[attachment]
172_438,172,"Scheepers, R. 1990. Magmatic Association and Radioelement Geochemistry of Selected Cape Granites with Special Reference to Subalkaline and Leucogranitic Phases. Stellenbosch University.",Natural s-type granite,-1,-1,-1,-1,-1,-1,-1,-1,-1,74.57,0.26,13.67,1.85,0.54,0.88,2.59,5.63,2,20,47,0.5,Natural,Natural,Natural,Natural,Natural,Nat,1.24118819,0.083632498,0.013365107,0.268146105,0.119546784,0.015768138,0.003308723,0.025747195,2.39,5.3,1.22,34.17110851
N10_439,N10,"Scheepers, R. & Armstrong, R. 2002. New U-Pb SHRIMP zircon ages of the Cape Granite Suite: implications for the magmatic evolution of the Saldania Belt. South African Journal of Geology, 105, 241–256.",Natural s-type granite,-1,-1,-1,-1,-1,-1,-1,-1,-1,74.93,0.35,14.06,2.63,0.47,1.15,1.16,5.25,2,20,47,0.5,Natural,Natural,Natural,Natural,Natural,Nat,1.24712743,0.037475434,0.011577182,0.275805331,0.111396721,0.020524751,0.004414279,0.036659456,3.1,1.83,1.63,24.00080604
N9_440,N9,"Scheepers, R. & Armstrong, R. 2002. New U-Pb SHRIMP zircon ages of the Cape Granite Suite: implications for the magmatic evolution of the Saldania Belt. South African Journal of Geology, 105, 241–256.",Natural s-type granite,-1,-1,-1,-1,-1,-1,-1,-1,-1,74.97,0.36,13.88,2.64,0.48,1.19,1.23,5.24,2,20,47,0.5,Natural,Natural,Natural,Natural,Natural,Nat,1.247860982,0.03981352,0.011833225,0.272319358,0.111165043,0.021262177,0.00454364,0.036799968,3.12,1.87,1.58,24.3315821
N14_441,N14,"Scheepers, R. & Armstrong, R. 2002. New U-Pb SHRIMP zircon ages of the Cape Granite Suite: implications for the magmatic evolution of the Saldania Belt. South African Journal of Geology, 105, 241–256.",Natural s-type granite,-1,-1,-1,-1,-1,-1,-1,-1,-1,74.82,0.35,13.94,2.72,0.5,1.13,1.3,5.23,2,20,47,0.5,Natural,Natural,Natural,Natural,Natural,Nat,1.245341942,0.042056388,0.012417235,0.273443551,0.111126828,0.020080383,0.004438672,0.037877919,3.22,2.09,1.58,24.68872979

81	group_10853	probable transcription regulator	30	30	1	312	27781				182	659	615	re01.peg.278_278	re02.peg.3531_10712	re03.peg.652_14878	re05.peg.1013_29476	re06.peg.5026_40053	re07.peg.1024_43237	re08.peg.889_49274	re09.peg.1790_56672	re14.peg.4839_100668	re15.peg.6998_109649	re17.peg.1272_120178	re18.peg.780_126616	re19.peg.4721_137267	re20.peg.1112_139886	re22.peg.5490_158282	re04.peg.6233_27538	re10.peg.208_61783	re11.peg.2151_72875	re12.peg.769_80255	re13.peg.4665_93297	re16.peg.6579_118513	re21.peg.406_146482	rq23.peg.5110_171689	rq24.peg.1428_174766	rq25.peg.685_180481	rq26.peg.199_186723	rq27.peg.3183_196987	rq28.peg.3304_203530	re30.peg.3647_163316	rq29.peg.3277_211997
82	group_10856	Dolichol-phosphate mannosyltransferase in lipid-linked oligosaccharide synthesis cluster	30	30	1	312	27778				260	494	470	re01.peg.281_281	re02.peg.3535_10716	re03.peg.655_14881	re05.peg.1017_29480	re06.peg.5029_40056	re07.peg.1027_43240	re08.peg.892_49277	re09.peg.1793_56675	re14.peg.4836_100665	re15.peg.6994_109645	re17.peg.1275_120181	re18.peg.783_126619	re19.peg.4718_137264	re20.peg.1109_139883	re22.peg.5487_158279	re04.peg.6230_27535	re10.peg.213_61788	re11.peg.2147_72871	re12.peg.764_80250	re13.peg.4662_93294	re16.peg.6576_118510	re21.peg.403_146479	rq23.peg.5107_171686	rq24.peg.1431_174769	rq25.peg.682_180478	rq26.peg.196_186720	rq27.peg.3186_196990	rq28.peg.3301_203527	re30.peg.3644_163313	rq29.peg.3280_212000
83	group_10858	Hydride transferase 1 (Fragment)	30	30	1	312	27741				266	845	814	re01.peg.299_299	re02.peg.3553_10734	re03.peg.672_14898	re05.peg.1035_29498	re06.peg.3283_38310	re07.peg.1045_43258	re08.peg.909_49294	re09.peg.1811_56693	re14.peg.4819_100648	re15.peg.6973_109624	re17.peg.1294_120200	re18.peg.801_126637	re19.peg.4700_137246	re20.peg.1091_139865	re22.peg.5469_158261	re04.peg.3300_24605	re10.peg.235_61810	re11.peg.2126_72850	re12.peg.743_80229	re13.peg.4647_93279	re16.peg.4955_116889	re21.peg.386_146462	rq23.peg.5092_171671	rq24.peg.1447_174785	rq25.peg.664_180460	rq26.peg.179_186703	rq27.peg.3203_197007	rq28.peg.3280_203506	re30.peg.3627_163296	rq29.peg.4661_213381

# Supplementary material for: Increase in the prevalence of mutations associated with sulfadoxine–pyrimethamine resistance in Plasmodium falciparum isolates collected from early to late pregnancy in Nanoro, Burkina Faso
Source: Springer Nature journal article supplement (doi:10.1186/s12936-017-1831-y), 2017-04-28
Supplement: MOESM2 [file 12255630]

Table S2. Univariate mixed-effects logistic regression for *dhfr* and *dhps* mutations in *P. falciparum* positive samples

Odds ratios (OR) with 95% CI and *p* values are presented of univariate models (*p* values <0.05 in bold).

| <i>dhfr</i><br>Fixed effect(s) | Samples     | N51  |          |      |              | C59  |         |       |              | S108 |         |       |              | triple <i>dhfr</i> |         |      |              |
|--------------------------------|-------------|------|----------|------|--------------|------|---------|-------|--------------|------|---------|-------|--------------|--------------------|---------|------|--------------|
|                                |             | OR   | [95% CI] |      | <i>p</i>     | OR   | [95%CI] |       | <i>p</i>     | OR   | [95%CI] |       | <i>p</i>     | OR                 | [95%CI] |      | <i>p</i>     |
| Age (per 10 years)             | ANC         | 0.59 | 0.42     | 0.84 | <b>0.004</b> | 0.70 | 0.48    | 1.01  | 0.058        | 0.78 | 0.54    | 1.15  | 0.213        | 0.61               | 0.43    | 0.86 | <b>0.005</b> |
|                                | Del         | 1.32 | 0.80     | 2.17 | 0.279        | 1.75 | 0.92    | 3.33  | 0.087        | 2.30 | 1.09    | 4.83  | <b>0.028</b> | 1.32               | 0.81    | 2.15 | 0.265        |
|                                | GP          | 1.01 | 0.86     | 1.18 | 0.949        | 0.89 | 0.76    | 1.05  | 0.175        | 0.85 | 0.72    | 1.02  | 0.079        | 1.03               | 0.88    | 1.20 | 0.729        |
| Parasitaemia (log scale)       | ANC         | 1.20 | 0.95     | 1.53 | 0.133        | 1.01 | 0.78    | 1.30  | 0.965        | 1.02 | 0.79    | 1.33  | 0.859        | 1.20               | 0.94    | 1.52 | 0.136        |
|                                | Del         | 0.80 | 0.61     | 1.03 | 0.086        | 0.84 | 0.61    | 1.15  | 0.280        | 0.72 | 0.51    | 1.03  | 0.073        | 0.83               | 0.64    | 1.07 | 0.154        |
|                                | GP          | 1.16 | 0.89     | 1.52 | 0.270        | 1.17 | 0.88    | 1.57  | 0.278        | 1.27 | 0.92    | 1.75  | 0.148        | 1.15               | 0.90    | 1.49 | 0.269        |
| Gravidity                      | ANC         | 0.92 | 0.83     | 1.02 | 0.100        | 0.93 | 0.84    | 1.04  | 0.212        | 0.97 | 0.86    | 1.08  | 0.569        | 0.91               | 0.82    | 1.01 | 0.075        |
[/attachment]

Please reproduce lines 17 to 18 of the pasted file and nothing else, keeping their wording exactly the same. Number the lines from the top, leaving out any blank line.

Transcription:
|                                | Del         | 1.32 | 0.80     | 2.17 | 0.279        | 1.75 | 0.92    | 3.33  | 0.087        | 2.30 | 1.09    | 4.83  | <b>0.028</b> | 1.32               | 0.81    | 2.15 | 0.265        |
|                                | GP          | 1.01 | 0.86     | 1.18 | 0.949        | 0.89 | 0.76    | 1.05  | 0.175        | 0.85 | 0.72    | 1.02  | 0.079        | 1.03               | 0.88    | 1.20 | 0.729        |